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Adult fiction: Romance, lives & relationships

Can't Resist Her by Kianna Alexander

Why you should try it: "I'm a sucker for a good second chance romance."—Dontaná, Collection Management Librarian

Description: After years away from home, Summer Graves is back in Austin, Texas, to accept a new teaching position. Of all the changes to the old neighborhood, the most dispiriting one is the slated demolition of the high school her grandmother founded. There's no way she can let developers destroy her memories and her family legacy. On the architectural team revitalizing the neighborhood, hometown girl Aiko Holt is all about progress. Then she sees Summer again. Some things never change.

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The Mutual Friend by Carter Bays

Why you should try it: "Funny and fast-paced, this book kept my interest throughout all 480 of its pages. I loved the quirky characters and their chaotic and seemingly random (but ultimately not) experiences."—Ashley, Digital Engagement Coordinator

Description: Alice is 28 years old, grieving her mother, barely scraping by as a nanny, and freshly kicked out of her apartment. If she can just get her act together and sign up for the MCAT, she can start chasing her dream of becoming a doctor . . . but in the Age of Distraction, the distractions are so distracting. There's her tech millionaire brother's religious awakening. His picture-perfect wife's emotional breakdown. Her chaotic new roommate's thirst for adventure. And, of course, there's the biggest distraction of all: Love.

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You Made a Fool of Death With Your Beauty by Akwaeke Emezi

Why you should try it: "Mostly set in an unnamed tropical paradise, this juicy, unapologetic, and bold novel is an intense and moving story of grief and love. I openly gasped halfway through and quickly devoured it."—Rose, Adult Services Librarian

Description: Feyi Adekola wants to learn how to be alive again. It's been five years since the accident that killed the love of her life and she's almost a new person now—an artist with her own studio and sharing a brownstone apartment with her ride-or-die best friend, Joy, who insists it's time for Feyi to ease back into the dating scene.

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Sophie Go's Lonely Hearts Club by Roselle Lim

Why you should try it: "I will read anything Roselle Lim writes, but this is her best yet. Have tissues ready!"—Jenna, Collection Management Librarian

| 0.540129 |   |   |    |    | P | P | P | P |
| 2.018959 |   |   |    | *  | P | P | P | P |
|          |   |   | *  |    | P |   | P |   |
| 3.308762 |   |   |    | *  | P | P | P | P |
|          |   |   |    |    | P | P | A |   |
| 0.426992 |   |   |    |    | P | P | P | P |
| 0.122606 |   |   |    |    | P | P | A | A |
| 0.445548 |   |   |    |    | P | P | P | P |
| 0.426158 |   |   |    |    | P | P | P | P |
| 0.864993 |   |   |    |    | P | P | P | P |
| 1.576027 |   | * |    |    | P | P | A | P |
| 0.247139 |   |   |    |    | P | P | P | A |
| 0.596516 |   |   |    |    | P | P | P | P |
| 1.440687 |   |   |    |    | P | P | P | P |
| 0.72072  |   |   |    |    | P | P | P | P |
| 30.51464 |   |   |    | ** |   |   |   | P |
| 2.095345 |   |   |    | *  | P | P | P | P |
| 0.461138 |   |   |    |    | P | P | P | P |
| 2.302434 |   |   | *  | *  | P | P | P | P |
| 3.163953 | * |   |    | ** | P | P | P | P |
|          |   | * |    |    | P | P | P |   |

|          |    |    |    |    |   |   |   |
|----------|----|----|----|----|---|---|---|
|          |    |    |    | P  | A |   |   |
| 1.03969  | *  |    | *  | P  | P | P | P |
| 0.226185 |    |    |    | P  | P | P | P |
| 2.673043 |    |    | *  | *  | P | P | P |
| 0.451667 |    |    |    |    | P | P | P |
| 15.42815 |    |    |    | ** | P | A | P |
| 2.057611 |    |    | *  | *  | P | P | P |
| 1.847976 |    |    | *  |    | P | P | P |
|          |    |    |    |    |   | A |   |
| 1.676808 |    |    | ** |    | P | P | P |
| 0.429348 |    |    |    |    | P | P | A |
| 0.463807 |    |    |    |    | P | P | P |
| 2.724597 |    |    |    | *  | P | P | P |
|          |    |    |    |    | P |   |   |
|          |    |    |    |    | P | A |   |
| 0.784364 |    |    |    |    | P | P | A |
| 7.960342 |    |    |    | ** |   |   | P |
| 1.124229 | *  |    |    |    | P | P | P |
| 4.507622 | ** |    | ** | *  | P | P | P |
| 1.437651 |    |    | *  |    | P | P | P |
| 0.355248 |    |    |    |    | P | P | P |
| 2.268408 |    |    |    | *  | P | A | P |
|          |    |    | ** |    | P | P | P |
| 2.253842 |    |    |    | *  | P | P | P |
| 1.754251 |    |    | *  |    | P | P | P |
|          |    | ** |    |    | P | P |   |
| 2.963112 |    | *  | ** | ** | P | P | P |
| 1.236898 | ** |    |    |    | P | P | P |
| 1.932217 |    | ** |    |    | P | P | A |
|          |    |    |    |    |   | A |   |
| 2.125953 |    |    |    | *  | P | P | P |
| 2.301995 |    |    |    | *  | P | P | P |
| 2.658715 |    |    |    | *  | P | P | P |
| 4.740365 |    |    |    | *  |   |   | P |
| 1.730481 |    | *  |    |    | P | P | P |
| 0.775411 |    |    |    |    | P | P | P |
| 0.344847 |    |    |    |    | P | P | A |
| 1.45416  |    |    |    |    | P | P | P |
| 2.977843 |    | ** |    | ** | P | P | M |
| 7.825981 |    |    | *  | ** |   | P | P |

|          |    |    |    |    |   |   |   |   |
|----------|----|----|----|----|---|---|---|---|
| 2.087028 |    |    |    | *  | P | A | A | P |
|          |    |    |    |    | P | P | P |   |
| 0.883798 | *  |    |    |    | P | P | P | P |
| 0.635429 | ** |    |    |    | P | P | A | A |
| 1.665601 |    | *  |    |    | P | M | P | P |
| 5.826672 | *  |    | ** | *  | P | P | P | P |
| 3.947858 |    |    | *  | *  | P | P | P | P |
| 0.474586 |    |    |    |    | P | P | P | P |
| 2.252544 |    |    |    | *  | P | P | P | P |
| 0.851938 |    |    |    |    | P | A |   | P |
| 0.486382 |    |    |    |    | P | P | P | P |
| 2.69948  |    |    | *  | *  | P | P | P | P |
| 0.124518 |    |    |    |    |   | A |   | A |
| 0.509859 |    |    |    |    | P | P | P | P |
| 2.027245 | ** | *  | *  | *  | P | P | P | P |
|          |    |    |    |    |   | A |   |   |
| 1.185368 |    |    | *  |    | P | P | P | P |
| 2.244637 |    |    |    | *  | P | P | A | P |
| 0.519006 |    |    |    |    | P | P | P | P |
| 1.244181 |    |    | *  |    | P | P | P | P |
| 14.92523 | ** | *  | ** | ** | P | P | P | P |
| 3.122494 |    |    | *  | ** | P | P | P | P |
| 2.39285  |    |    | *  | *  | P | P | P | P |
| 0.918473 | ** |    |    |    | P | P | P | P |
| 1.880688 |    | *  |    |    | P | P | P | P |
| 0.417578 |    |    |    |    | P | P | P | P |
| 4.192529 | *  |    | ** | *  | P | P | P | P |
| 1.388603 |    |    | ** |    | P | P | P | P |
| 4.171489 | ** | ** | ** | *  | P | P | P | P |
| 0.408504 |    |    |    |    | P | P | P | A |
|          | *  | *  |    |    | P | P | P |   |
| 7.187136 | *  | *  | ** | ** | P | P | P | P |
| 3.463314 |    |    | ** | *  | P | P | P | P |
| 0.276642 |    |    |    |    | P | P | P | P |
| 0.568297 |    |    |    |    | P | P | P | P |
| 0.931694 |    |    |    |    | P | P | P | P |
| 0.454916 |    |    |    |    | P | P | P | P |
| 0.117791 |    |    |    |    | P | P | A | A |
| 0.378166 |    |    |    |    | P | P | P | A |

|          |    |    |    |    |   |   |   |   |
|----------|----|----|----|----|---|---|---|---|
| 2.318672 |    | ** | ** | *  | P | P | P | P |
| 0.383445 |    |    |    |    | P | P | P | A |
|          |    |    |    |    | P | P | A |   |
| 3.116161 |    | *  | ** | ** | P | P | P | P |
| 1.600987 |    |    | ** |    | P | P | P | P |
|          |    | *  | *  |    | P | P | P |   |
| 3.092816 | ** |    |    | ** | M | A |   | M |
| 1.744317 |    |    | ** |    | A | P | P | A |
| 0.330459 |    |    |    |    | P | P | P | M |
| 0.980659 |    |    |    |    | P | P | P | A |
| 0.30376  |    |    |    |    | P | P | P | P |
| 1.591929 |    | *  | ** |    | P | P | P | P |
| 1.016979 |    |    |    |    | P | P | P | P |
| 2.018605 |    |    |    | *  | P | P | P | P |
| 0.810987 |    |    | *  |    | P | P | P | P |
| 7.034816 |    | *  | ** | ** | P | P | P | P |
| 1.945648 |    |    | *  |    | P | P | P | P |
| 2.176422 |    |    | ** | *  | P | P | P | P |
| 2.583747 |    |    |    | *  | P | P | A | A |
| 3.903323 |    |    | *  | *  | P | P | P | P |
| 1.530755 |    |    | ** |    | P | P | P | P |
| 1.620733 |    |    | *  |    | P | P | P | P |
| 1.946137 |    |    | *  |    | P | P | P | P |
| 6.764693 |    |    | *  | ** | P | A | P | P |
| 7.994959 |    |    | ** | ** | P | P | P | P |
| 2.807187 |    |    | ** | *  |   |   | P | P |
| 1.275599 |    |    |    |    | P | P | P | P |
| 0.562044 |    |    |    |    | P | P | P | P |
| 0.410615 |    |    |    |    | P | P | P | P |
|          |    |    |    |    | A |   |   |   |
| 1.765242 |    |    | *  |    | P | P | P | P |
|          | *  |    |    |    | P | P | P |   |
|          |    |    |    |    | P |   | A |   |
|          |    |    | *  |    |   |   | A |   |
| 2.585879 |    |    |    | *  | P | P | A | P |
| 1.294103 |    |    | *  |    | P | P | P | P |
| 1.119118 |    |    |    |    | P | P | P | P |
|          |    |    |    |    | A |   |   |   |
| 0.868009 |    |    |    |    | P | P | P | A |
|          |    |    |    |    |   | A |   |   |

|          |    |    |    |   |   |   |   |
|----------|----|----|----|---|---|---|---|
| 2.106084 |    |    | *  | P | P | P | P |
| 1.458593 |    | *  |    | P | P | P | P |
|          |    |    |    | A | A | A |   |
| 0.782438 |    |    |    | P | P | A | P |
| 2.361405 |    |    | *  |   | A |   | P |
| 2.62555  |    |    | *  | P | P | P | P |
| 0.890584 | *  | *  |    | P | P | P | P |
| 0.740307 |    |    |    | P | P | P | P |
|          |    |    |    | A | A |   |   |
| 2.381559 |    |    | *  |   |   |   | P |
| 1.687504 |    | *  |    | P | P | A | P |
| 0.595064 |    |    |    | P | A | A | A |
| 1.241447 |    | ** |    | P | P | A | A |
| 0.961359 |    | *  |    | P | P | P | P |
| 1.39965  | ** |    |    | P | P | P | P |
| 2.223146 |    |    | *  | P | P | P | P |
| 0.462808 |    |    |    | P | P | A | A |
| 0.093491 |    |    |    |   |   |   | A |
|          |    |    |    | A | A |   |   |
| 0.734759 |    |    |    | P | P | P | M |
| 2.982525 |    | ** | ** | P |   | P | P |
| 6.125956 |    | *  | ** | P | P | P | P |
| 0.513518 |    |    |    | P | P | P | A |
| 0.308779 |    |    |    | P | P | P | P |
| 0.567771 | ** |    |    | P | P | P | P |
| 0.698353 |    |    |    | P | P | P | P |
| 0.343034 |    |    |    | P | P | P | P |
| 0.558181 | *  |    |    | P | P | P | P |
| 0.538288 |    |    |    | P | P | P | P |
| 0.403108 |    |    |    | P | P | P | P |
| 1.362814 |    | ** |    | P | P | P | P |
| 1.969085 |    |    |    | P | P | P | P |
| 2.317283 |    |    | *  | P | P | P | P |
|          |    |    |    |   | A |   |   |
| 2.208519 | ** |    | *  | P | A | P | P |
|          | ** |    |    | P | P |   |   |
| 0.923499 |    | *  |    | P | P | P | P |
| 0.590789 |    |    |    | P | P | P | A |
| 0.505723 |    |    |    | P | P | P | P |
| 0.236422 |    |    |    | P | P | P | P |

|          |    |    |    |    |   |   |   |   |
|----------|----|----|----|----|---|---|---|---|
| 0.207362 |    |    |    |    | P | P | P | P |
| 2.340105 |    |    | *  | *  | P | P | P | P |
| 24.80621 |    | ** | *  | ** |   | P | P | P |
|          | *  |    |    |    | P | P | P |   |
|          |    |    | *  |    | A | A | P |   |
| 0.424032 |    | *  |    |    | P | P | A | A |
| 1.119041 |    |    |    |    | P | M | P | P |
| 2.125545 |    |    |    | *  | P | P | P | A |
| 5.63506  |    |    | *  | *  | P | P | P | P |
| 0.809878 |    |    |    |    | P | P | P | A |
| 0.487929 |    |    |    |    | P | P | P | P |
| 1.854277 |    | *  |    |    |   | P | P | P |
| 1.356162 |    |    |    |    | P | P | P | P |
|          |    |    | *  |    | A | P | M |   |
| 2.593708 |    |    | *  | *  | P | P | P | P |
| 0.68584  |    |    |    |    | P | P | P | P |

Description: Newly minted professional matchmaker Sophie Go has returned to Toronto, her hometown, after spending three years in Shanghai. Her job is made quite difficult, however, when she is revealed as a fraud—she never actually graduated from matchmaking school.

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On Rotation by Shirlene Obuobi

Why you should try it: "A fun and thoughtful romcom that explores identity and first-generation immigrant experiences and expectations. The Chicago setting is accurately described and makes the reading experience a little more personal than stories set elsewhere."—Rose, Adult Services Librarian

Description: Ghanaian-American Angela Appiah has checked off all the boxes for the "Perfect Immigrant Daughter." Enroll in an elite medical school. Snag a suitable lawyer/doctor/engineer boyfriend. Surround self with a gaggle of successful and/or loyal friends. But then it quickly all falls apart: her boyfriend dumps her, she bombs the most important exam of her medical career, and her best friend pulls away. And her parents, whose approval seems to hinge on how closely she follows the path they chose, are a lot less proud of their daughter.

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Adult fiction: Mystery, history & sci-fi

Legends & Lattes by Travis Baldree

Why you should try it: "This book found me at the right time and was exactly what I needed. It is a fun, easy, cozy fantasy about building a coffee shop and creating a community. And really, we could all use a little more community care in our lives."—Dontaná, Collection Management Librarian

Description: After a lifetime of bounties and bloodshed, Viv is hanging up her sword for the last time. The battle-weary orc aims to start fresh, opening the first-ever coffee shop in the city of Thune. But old and new rivals stand in the way of success—not to mention the fact that no one has the faintest idea what coffee actually is.

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Like a Sister by Kellye Garrett

Why you should try it: "A very good mystery/crime fiction that touches on relatable topics such as family, race, and class while having amazing storytelling. A page-turner that will keep you reading and is very relatable to social media."—Camayia, Materials Handling Supervisor

Description: No one bats an eye when a Black reality TV star is found dead—except her estranged half-sister, whose refusal to believe the official story leads her on a dangerous search for the truth.

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Mercury Pictures Presents by Anthony Marra

Why you should try it: "If you love movies and historical fiction, this novel will immediately capture you. Set in WWII between Italy and Los Angeles, the story centers around a movie studio run by European immigrants that suddenly becomes tasked with producing American war propaganda or else face imminent collapse. Elegant storytelling; I wished this book never ended."—Kay, Adult Services Library Assistant

Description: Born in Rome, where every Sunday her father took her to the cinema instead of church, Maria immigrates with her mother to Los Angeles after a childhood transgression leads to her father's arrest. Fifteen years later, on the eve of America's entry into World War II, Maria is an associate producer at Mercury Pictures, trying to keep her personal and professional lives from falling apart.

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Illuminations: Stories by Alan Moore

Why you should try it: "The renowned author of sophisticated comic books and the prose epic Jerusalem presents a collection of short stories that showcase his twisted yet compelling sensibility."—Kheir, Archivist